Dedicating every Wednesday to creative writing instruction takes commitment. Rearranging the schedule in order to maintain weekly writing when unexpected events chip away at instructional time takes commitment. Taking a little longer than usual to get through our literature units in order to give space to writing takes commitment. Sometimes, its easy to forget why that commitment is so important. So today, I’m going to celebrate my “why.”
Why Writing Wednesdays?
- One of my sophomores came into my room one morning to ask if she could snag her Writer’s Notebook, which she usually stores in my classroom, so that she could do some extra writing outside of class. Excitedly, she told me that she had never considered herself a writer. Until Writing Wednesdays.
- At a recent parent-teacher event, one of my senior parents told me that she didn’t know what I had done to her son, but she had never seen him so excited about writing before. This came after he had taken his Writer’s Notebook home one evening, revising a draft piece, typing it up, and proudly sharing it with her.
- At the same parent-teacher event, another of my parents told me that when she asked her son what his favorite subject was this year he said: Language Arts. On Wednesdays.
- The Writing Teams have bonded so well over the course of our time together that many of these students have taken to sitting with their Writing Teams during all of our classes even when they have the option to sit with their other friends.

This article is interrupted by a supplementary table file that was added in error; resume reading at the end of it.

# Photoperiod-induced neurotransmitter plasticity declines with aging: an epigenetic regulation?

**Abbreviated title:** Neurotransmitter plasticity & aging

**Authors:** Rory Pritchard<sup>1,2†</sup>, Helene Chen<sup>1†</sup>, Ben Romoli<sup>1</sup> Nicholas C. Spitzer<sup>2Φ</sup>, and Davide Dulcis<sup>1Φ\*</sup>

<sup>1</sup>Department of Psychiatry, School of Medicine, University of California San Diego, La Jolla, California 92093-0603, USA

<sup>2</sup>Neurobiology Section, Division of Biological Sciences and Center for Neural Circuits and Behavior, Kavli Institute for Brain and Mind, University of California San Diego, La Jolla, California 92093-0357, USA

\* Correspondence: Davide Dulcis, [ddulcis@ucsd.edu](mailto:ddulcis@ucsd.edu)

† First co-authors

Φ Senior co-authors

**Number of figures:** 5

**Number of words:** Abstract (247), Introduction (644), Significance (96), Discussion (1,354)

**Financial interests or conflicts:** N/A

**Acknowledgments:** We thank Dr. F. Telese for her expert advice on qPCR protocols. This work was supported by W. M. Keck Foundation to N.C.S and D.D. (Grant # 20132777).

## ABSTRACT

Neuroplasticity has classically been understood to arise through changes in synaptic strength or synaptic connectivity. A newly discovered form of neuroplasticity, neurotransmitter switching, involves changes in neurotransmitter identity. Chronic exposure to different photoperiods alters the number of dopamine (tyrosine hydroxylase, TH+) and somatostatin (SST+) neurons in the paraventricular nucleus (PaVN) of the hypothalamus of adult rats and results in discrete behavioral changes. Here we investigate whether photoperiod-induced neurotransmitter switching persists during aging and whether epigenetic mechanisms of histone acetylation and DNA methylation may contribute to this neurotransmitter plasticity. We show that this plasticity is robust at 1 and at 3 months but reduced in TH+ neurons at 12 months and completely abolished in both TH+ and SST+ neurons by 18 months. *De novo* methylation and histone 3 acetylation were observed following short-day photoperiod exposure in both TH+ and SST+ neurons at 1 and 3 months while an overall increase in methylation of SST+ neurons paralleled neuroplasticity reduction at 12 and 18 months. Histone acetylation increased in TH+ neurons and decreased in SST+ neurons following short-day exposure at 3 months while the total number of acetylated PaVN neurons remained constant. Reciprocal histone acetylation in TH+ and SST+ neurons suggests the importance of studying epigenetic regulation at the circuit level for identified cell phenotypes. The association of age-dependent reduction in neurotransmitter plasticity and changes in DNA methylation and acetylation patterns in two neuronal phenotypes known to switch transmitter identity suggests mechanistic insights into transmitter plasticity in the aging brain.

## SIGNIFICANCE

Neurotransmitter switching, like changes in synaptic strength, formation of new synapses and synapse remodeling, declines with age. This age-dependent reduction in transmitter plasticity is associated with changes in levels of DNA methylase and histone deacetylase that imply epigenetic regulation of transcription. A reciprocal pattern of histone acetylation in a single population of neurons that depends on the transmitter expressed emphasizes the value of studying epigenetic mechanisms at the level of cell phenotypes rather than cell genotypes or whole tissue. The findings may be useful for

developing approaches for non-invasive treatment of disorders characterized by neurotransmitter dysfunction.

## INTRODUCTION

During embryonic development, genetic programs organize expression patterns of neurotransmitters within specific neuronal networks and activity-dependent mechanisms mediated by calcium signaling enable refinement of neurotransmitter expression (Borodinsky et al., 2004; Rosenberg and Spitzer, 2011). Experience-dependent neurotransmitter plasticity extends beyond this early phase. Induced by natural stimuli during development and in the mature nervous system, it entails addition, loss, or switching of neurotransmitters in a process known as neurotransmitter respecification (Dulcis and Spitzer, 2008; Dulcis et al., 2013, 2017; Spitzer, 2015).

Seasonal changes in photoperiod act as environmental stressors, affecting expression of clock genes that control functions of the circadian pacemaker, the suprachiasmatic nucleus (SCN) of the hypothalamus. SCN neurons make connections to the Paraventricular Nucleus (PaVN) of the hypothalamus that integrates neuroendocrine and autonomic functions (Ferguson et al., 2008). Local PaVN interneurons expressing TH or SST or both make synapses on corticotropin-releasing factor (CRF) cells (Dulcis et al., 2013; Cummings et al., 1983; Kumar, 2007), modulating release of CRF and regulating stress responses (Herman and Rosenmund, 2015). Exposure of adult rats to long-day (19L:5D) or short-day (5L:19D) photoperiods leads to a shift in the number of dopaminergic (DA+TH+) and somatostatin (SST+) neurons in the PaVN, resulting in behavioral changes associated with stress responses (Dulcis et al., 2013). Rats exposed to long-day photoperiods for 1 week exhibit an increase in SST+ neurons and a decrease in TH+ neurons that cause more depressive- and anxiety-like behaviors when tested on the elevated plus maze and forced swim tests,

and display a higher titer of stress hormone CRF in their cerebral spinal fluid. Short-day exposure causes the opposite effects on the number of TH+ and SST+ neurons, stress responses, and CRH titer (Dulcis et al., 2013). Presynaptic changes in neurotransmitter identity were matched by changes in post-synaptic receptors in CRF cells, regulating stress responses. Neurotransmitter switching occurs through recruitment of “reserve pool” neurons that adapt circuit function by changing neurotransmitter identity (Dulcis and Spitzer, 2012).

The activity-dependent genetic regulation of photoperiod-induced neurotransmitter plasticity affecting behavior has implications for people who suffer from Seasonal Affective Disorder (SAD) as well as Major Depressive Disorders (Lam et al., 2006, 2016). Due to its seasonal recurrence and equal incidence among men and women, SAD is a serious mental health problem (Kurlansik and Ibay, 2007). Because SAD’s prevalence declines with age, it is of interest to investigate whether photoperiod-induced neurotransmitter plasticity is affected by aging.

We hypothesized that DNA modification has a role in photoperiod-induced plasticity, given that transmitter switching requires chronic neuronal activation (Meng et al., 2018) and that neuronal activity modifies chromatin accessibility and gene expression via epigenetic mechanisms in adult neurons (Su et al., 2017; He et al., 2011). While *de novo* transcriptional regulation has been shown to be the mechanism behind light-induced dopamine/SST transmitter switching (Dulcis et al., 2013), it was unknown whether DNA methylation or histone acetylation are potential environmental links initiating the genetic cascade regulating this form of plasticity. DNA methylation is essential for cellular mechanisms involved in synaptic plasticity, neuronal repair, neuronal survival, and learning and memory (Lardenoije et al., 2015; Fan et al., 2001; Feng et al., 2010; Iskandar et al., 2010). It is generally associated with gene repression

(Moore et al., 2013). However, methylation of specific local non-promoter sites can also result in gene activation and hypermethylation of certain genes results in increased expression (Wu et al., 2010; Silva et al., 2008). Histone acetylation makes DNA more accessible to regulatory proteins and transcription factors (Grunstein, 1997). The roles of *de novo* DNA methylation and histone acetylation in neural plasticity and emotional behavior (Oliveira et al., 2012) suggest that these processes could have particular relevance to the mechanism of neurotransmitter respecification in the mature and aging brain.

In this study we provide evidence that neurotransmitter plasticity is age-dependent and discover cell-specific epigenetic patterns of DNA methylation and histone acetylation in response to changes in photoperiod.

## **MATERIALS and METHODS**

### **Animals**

- And speaking of comradery, during our most-recent Writing Wednesday class, one of my Writing Teams was so determined to ensure that all members of the Team had time to read out their drafts that they delayed the next set of whole-class instruction until the readings were complete. Why was it taking them so much longer than the other Teams to complete the share-out? Because all of their writers had written so much!
I recognize that these are little victories and that not all students may have the same reaction to Writing Wednesdays as the ones showcased here. But what is so important is that each of these examples highlight victories for the students, not the teacher. These are students who may have been left behind by conventional approaches to literacy instruction. The student in the first example literally confessed that she had never viewed herself as a writer until she was given an opportunity to write regularly. The parents in the second and third example were speaking of their children who had never shown any meaningful enthusiasm for English class until this year. And the students in the fourth and fifth examples were among the many who initially groaned at the idea of working with the same set of students for the entire year and – worse – having to read their writing out loud to them! After only a handful of weeks, they already trust and rely upon each other for their growth as writers. And that’s a key point – they are relying upon each other, not their teacher. They are gaining independence while crafting authentic writing pieces that they can feel proud of.
Dedicating every Wednesday to creative writing instruction takes commitment. Rearranging the schedule in order to maintain weekly writing when unexpected events chip away at instructional time takes commitment. Taking a little longer than usual to get through our literature units in order to give space to writing takes commitment. But the more weeks that pass, the easier it is to remember why that commitment is so important.